Sweata was a migrant from war-torn Europe, perhaps the hardest of all battles, and her personal tragedies continued when she lost her mum to breast cancer upon arriving in her new homeland and she then suffered degenerative mental health.

Tragedies and sadness abounded and were almost the norm. But from the earliest of ages, I was full of admiration and inspiration for all the kindness and love with which my foster mum lived.

I was blessed in a hurricane of emotional torment and disasters, and throughout my adult life, I carried a sense of self and confidence to try to see the good and do good with others. And I must say it has been a charmed life to always see rainbows leading to pots of gold.

Also, this is a preferable disposition to any alternative.

I entered social work in my late 20s which was a good age to draw on wisdom, and I have worked now for 30 years, supporting parents and children in similar circumstances to that of my life. I have mostly found that respect and compassion are reciprocated.

It’s unfortunate that modern life is even harder and presents more stark challenges than those I was born into. And it is unlikely that I will ever be twice blessed by anyone as loving and wise as my foster mum. But still I try to take some of that vision to rise above all of the self-serving and perpetuating negativity which confines people of adversity to being someone else’s scapegoat.

That is not how life should work. You don’t have to scratch far from the surface to find that there is no such family or society which hasn’t been marred by heartache, injustice and tragedies.

That is life and the human spirit.

It is most often the lament of loss that is more indelible on the human experience than that of joy being the preferred but temporal state.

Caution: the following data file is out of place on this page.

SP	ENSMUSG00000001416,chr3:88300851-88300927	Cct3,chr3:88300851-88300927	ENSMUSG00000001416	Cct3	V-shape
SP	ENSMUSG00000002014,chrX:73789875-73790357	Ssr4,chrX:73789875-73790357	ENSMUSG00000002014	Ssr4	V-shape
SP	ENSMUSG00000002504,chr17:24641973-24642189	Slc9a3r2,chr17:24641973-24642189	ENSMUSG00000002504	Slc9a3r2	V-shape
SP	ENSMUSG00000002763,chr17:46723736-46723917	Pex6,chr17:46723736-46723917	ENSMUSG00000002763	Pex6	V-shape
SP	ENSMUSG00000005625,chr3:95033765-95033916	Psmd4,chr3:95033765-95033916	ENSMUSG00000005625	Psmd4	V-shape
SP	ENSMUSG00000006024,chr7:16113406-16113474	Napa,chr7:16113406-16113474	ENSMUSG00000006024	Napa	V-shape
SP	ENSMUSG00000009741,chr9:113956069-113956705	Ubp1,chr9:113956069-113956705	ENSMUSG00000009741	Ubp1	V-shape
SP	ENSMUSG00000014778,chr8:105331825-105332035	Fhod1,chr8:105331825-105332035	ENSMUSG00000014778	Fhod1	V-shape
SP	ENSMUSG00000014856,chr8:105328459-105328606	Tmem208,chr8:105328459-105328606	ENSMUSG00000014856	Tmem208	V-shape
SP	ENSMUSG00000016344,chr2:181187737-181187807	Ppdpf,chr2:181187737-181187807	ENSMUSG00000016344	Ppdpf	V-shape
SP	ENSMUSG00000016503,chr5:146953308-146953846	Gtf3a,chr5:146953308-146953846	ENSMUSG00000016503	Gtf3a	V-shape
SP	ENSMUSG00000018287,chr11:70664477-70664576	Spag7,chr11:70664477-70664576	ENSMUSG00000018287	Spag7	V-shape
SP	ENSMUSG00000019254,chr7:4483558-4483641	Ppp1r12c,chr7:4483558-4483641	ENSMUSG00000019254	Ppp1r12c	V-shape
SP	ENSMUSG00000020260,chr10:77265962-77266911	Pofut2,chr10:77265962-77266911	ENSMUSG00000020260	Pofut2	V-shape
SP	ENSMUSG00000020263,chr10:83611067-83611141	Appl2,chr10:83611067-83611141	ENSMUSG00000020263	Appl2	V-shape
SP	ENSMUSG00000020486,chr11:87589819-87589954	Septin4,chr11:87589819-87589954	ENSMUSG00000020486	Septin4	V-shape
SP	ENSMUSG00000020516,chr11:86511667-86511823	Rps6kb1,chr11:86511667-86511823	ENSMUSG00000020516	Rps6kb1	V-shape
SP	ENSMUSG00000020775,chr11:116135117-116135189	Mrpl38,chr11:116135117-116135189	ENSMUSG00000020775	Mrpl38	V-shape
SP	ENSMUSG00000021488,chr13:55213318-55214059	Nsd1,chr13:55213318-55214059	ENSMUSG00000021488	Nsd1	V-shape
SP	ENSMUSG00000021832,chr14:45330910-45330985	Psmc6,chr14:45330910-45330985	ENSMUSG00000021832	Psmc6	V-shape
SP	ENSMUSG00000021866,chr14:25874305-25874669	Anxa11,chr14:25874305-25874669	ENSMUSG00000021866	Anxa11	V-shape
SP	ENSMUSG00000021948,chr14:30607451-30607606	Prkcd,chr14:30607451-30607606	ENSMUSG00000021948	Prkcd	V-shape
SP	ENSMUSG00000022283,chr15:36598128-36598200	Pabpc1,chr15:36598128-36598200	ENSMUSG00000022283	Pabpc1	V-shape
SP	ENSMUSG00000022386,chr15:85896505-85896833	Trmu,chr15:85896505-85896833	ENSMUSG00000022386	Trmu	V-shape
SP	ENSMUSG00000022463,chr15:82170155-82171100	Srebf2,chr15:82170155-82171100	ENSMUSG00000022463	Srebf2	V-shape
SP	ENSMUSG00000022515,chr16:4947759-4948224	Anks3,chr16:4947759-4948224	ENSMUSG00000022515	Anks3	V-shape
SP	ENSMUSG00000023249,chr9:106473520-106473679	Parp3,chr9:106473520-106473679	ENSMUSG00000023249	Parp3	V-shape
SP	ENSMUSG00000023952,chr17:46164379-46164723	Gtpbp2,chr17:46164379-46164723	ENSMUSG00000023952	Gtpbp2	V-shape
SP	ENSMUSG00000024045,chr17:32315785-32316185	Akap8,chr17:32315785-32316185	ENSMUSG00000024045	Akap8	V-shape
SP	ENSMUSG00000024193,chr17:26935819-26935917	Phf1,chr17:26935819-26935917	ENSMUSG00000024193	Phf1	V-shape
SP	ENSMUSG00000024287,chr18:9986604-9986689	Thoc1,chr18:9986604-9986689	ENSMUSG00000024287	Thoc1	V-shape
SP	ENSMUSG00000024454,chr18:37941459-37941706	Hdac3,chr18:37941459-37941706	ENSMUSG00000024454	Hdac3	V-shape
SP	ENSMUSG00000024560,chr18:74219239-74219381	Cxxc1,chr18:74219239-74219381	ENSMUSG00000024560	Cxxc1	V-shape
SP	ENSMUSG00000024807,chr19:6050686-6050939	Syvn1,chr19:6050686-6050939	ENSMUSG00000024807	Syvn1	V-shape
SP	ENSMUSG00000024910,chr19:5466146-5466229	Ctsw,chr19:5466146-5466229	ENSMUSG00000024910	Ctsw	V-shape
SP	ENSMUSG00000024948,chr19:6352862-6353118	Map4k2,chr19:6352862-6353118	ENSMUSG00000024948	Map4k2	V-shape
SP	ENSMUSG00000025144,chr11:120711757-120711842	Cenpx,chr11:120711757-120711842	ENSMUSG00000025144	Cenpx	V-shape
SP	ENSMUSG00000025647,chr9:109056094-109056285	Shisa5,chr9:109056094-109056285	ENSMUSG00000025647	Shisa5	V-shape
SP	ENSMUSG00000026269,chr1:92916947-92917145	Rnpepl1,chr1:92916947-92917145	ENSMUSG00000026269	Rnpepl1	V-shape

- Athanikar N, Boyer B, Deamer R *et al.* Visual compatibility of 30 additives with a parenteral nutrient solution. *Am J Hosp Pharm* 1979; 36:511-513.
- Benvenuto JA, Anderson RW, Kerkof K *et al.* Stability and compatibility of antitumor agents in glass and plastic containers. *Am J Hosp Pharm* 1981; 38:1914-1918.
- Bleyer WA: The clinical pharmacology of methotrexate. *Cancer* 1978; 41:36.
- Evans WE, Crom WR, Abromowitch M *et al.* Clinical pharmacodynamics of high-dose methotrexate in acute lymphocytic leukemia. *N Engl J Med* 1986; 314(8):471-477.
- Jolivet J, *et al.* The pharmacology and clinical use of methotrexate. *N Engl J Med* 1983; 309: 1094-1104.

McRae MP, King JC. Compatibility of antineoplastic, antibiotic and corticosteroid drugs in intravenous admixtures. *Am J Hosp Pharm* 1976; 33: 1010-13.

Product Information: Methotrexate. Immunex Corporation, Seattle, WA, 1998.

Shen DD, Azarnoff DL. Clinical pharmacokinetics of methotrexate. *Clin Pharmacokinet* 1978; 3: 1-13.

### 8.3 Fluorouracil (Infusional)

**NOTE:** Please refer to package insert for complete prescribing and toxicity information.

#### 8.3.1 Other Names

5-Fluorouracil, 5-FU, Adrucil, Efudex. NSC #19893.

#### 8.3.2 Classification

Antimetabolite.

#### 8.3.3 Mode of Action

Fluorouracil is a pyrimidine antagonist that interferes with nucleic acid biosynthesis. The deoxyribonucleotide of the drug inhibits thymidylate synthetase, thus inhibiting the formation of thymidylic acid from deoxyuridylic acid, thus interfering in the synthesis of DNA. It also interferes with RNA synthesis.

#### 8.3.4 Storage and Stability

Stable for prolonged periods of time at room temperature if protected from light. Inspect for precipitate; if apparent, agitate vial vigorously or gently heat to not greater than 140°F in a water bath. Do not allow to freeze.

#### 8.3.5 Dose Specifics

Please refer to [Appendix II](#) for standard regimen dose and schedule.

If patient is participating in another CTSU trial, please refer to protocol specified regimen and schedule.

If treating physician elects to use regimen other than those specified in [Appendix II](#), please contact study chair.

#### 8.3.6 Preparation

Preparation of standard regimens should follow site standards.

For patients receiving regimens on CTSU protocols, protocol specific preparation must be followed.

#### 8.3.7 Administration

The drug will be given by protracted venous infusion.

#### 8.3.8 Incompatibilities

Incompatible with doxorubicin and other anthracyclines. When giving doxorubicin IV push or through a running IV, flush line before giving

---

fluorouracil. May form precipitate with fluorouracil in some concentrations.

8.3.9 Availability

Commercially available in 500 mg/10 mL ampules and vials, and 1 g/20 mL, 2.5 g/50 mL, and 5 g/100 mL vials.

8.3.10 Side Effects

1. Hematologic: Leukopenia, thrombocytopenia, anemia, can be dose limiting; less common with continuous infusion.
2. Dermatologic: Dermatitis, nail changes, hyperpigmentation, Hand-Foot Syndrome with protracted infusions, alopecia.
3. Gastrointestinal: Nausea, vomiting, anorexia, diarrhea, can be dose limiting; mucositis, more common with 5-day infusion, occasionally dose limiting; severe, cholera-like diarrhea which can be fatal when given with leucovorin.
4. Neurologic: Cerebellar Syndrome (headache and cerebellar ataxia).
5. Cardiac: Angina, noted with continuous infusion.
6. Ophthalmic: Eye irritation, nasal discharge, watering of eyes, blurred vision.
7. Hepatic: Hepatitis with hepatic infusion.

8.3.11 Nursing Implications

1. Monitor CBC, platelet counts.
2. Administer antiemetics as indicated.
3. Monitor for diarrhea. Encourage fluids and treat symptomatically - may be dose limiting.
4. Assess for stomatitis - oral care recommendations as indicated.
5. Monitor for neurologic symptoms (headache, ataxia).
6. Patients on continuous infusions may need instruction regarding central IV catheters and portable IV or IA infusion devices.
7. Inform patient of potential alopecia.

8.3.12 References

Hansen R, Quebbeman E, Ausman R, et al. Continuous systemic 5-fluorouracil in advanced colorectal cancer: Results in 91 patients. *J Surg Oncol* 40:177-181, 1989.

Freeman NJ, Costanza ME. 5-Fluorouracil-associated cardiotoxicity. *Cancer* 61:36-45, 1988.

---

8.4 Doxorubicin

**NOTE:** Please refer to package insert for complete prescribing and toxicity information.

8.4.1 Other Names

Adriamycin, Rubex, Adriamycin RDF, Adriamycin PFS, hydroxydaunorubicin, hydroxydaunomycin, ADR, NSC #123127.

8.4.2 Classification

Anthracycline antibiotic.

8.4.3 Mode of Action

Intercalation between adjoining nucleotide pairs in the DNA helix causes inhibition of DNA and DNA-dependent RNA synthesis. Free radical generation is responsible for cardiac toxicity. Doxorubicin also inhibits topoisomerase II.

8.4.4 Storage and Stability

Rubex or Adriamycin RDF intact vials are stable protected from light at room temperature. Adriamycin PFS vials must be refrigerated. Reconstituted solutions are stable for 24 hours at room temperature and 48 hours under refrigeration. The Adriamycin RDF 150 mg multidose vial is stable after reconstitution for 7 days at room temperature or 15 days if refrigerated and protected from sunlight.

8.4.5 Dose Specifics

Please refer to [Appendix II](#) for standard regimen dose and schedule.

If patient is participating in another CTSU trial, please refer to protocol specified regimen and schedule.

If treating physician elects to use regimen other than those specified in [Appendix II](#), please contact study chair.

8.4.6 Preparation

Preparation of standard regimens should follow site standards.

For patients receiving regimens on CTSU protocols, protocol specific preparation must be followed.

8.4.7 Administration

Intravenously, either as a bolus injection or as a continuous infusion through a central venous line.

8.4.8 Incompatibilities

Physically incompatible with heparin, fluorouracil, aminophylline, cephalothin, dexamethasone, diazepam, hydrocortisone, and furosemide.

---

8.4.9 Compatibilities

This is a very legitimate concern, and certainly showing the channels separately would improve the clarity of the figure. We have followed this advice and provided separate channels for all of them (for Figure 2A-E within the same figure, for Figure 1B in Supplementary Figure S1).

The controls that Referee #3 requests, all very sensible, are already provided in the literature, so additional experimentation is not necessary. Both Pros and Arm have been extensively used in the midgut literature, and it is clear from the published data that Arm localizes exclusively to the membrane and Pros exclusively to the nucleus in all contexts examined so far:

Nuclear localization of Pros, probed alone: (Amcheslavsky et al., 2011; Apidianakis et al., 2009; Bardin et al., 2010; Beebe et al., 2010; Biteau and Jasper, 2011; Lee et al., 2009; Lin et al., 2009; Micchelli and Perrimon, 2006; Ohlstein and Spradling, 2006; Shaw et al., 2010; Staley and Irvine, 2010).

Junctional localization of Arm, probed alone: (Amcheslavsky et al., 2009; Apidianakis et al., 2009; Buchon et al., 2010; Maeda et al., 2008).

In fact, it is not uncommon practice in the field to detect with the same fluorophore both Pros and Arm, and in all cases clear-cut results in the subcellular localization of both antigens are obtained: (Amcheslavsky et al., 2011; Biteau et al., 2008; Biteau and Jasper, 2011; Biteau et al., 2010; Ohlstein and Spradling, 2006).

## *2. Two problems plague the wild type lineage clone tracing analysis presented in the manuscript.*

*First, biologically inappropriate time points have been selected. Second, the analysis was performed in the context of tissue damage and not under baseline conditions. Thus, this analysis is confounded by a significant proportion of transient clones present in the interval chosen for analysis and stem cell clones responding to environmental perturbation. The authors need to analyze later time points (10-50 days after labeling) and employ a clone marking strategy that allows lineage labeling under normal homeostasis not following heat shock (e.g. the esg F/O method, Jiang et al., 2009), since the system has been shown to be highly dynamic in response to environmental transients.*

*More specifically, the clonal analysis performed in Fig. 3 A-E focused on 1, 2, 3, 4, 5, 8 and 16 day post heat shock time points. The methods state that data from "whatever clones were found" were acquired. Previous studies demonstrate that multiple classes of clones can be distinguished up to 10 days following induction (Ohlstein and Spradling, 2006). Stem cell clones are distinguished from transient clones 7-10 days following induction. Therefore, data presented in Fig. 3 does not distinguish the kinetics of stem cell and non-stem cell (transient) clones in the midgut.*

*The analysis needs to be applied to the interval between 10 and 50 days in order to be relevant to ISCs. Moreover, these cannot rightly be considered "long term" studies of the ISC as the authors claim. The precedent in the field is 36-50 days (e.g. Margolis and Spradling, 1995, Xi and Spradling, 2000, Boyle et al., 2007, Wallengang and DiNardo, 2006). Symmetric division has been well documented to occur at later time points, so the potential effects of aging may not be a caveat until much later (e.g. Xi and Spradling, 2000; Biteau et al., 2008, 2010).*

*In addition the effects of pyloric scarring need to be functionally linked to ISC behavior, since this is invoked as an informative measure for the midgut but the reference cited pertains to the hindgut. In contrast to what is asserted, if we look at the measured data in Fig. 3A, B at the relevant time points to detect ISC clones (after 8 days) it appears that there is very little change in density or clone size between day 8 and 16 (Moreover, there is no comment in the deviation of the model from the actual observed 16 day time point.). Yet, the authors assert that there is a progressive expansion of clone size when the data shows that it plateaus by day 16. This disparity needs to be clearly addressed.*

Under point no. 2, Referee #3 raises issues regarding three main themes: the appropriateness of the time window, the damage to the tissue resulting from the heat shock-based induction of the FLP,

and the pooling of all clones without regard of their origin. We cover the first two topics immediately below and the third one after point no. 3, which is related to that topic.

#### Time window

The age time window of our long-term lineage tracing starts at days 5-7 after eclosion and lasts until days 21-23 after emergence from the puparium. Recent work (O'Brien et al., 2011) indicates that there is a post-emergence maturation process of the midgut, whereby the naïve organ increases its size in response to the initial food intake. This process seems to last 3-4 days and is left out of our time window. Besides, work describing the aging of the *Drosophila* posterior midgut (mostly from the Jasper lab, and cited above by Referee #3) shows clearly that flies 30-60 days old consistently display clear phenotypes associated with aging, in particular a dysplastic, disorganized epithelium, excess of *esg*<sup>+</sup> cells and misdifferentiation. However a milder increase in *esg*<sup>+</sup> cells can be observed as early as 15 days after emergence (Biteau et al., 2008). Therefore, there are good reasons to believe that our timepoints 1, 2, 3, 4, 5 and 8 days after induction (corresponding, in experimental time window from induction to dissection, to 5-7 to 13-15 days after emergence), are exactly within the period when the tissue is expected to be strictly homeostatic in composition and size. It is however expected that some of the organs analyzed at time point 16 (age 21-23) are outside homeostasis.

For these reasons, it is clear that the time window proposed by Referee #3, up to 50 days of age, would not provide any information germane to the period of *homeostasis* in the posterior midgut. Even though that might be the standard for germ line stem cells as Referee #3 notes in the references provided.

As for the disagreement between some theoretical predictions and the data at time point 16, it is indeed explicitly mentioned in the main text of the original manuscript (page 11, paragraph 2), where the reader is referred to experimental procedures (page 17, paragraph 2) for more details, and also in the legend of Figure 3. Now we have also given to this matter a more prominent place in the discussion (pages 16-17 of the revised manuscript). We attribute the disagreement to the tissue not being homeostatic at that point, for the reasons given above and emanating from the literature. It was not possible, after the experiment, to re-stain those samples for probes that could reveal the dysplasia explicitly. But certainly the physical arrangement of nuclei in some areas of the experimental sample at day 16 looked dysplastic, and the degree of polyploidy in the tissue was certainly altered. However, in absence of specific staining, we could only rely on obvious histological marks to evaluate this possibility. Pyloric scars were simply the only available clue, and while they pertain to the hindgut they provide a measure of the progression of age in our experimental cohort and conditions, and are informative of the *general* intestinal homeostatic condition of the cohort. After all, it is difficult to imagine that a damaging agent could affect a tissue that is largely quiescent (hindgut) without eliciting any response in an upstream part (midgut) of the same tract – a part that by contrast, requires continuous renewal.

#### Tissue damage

I think the age we are living in now is attempting to give rise to people’s personal afflictions and ailments which is equally noble and necessary, but these life lessons should not be sold to us as a bill of handicap, inability and invalidity. This is only part of a longer story and journey where we can be assured that life as a bottomless box of chocolates is not our natural state. I think people need a reckoning with joy and sorrow and the interface between what has been done to us and what we do unto others. Somewhere amongst this is our personal need and preference to be the person we were destined to be.

And when your inauspicious start in life robs you of your self-confidence and respect it can easily be duped by others’ prejudices although this should never be the case.

We are our own heroes and warriors and always have been.

David Jackson has contributed his story to two edited collections and co-edited one of these.

Jackson, David. “I was just trying to matter.” In Recipes for Survival: Stories of Hope and Healing by Survivors of the State ‘Care’ System in Australia, edited by Deidre Michell and Priscilla Taylor. South Australia: People’s Voice Publishing, 2011.

Jackson, David. “I set off on an unchartered course…and found myself drifting.” In Against the Odds: Care Leavers at University, edited by Deidre Michell, David Jackson and Casey Tonkin. South Australia: People’s Voice Publishing, 2015.

Image supplied